I became interested in environmental issues after being taught environmental law in the University of Nairobi. Through class lectures and interaction with my lecturer, I came to learn that the environmental degradation that I had witnessed being done by oil and gas exploration companies in my place was injurious to the present and future generations in my home county.

I then endeavored to cascade the information about environmental conservation down to my people in the village so that they too can get to learn about it and advocate for their rights to a clean environment in the face of oil and gas exploration. That is how I became interested in environmental issues. I then incorporated environmental conservation as a key thematic area in our advocacy and capacity building work as an organization.

What have you learned as a lawyer? And how are you using this knowledge in your advocacy?

As a lawyer, I have learned the rights and entitlements of local and indigenous communities like mine. I have learned that both Kenyan and international law envisaged a scenario where the rights of the people are respected — though in most cases this is not what happens, especially in oil and gas operations. As a law student in the University of Nairobi, learning about the Niger Delta story and how human rights violations were committed there opened my mind to the world.

The Kenyan constitution expressly provides that all people in Kenya have a right to a clean environment and the right to have their culture and economy respected. In our advocacy work as a group, we pass this knowledge to our community members during our community and youth empowerment summits so that they too can learn what we were taught and what the law provides. By empowering them through this information, we build a formidable group of young local activists who, despite not being educated, are willing to take on investors because they now know their rights.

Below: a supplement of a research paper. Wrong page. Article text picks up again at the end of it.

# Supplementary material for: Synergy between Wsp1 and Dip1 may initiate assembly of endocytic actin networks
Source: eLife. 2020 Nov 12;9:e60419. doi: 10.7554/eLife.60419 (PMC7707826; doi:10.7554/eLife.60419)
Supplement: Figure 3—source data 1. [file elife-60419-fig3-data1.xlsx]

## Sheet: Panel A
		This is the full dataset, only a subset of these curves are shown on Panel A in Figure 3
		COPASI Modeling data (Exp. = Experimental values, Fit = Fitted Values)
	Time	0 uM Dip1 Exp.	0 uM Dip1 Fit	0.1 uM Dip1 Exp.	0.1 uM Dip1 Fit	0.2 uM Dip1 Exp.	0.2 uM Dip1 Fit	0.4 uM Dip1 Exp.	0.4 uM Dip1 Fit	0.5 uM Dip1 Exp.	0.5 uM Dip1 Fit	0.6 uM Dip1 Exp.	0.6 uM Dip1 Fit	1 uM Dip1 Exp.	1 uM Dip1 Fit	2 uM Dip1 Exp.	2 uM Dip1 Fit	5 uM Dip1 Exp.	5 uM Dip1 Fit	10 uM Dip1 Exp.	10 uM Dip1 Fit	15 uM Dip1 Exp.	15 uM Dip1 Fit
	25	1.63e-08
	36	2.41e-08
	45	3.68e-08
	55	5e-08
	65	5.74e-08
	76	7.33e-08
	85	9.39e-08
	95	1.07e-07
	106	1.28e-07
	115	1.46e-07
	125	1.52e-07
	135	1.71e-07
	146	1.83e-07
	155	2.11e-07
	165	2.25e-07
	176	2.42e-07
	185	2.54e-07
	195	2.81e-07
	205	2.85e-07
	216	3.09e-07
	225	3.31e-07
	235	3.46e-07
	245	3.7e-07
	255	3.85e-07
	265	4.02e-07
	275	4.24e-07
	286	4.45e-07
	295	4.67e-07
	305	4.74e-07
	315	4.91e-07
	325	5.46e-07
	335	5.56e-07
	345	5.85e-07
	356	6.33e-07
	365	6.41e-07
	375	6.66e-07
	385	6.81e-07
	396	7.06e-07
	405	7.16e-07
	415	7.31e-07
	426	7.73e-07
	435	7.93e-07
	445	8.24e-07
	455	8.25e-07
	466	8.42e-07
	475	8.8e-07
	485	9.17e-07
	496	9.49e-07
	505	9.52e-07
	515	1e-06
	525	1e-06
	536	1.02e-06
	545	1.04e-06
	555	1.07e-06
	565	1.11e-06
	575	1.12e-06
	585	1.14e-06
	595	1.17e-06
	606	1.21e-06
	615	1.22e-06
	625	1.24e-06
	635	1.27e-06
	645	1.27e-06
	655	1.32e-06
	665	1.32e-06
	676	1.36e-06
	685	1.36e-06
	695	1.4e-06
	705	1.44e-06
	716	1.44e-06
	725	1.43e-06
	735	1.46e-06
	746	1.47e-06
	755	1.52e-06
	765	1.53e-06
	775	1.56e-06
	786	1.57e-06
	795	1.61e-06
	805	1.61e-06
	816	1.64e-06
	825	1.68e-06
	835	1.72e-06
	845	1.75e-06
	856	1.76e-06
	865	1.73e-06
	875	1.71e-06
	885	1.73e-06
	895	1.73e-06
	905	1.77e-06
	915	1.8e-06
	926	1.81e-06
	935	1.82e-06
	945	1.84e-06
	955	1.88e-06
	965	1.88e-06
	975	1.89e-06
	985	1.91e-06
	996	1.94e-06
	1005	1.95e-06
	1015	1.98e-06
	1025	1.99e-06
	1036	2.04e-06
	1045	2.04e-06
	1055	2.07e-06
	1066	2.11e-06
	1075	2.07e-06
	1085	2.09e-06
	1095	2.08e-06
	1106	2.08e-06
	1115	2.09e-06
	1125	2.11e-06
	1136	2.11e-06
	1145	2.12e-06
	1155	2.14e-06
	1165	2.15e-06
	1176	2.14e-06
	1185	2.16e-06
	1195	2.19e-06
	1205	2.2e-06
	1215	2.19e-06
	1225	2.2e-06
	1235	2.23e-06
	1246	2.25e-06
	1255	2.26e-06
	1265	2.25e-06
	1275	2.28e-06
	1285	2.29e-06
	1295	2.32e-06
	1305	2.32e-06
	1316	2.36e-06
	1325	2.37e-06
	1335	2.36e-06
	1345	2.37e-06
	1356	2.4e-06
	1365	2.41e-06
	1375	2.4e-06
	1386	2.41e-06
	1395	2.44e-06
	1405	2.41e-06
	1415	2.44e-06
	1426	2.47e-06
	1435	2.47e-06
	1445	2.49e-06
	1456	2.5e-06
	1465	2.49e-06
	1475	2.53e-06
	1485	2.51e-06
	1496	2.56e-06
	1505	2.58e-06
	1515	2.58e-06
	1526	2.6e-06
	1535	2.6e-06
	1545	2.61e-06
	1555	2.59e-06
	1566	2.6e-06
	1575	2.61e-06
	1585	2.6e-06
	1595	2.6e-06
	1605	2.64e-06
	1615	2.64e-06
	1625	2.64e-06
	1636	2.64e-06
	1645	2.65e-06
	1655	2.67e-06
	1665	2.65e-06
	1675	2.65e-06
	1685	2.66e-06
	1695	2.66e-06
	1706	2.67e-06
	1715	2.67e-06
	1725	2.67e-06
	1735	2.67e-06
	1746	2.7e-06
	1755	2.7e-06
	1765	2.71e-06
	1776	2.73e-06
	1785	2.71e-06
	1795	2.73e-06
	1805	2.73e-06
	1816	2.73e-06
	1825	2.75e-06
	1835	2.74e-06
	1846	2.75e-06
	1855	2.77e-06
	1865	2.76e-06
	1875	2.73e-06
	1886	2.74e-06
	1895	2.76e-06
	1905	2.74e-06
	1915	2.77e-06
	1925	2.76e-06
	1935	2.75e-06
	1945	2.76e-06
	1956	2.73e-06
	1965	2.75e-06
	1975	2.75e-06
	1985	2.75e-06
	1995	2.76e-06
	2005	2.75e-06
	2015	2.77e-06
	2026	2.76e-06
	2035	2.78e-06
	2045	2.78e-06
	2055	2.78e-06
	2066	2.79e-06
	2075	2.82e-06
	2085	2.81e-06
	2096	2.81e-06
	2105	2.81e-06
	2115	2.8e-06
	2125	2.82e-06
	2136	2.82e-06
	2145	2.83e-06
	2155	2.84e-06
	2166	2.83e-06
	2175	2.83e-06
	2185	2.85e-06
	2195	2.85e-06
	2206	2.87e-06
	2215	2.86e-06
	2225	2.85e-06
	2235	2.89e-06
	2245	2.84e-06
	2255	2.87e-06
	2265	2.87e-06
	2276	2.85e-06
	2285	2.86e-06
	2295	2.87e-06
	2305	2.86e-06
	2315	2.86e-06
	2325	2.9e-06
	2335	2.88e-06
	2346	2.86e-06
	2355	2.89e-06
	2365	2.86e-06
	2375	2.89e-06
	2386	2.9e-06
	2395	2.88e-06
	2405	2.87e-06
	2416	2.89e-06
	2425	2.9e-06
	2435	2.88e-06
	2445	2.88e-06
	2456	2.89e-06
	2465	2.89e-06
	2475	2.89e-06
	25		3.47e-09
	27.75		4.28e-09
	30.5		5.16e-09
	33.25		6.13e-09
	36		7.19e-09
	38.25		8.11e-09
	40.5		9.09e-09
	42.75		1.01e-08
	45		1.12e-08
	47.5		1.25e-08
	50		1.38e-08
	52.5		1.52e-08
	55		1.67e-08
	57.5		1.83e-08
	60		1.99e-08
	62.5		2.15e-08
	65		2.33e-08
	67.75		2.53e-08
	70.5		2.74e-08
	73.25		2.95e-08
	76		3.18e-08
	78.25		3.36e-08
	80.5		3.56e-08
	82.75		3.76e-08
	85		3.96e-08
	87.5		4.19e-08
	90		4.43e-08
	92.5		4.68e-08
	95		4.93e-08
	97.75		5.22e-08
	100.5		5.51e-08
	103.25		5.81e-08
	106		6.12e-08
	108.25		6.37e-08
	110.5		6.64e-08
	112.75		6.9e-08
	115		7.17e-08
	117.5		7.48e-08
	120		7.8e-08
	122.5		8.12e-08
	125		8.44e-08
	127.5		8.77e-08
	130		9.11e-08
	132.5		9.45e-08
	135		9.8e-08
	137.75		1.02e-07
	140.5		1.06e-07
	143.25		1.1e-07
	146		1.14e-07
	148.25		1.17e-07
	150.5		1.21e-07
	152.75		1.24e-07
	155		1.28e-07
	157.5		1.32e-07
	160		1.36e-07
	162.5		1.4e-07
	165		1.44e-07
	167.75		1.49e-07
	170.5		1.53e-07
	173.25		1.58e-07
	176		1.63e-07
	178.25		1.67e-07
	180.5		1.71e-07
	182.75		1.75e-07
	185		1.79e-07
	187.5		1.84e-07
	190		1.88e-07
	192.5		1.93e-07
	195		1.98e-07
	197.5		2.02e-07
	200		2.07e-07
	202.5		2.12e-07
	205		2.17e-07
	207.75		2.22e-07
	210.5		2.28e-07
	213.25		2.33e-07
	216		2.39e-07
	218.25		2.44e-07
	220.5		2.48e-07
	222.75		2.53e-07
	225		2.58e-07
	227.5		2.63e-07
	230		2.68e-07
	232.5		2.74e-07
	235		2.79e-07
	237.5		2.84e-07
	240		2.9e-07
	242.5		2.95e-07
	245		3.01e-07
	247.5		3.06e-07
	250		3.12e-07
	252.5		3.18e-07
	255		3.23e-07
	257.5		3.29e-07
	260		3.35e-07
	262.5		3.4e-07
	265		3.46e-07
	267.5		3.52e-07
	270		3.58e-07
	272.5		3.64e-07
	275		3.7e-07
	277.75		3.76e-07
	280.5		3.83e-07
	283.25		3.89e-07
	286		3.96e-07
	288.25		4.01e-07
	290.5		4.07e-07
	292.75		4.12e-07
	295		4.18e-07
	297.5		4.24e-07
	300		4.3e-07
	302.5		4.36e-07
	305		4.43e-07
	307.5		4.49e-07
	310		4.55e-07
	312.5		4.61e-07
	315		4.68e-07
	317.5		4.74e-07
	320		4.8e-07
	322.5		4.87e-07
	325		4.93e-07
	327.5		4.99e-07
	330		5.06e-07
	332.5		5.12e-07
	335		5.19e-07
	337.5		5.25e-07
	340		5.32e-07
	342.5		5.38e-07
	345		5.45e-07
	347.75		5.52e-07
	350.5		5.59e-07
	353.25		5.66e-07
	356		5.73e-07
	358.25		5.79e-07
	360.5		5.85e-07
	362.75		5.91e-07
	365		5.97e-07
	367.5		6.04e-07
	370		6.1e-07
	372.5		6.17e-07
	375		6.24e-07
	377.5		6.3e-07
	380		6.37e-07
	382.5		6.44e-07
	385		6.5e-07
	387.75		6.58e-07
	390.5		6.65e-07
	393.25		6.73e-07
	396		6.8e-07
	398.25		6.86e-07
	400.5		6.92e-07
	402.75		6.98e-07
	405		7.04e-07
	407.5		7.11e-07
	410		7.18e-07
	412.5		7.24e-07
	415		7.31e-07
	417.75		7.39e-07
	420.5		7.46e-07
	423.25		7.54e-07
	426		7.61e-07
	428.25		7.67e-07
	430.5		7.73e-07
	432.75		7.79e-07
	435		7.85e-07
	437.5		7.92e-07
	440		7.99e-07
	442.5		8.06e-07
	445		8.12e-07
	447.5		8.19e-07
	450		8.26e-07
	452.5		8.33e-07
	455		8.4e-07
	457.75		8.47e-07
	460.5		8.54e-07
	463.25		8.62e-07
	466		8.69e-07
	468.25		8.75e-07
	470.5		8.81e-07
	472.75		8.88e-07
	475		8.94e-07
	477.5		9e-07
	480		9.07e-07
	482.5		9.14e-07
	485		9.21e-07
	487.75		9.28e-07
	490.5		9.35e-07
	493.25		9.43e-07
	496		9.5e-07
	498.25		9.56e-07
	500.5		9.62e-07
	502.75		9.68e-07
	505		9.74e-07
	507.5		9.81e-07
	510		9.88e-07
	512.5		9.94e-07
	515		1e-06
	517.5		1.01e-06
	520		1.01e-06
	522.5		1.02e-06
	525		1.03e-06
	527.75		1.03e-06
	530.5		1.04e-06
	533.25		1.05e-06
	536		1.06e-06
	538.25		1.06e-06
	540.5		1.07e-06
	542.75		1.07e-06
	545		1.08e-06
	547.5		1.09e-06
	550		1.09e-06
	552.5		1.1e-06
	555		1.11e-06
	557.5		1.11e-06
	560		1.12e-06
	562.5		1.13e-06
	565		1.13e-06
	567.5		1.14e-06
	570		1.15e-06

What challenges are the Turkana pastoral community facing that people should know more about?

The Turkana people are a community that faces numerous challenges in the dry northern parts of Kenya. To begin with, the ongoing oil and gas exploration has had a number of negative impacts on the culture and the livelihoods of our people. Community forests have been cleared in oil and gas exploration, the pasture lands of the community that have been traditionally used for grazing our livestock have either been fenced for use by the oil companies or destroyed by the company trucks that move around Turkana County. There is massive land-grabbing by the elites and powerful politicians from other parts of Kenya who intend to take advantage of the oil and gas process.

One of the biggest challenges in Turkana now is the construction of Gibe Dams in Ethiopia that threatens to destroy Lake Turkana, the largest desert water lake in the world. This will harm the Turkana people even more, as some and their animals entirely depend on the lake for survival. Urgent action is needed.

Planet Worth is a global conversation in partnership with Abt Associates, Chemonics, HELVETAS, Tetra Tech, the U.N. Development Program and Zurich, exploring leading solutions in the fight against climate change, while highlighting the champions of climate adaptation amid emerging global challenges. Visit the campaign site and join the conversation using #PlanetWorth.

About the author

Bldg 3
Anna Patricia Valerio

Anna Patricia Valerio is a Manila-based development analyst focusing on writing innovative, in-the-know content for senior executives in the international development community. Before joining Devex, Patricia wrote and edited business, technology and health stories for BusinessWorld, a Manila-based business newspaper.


Join the Discussion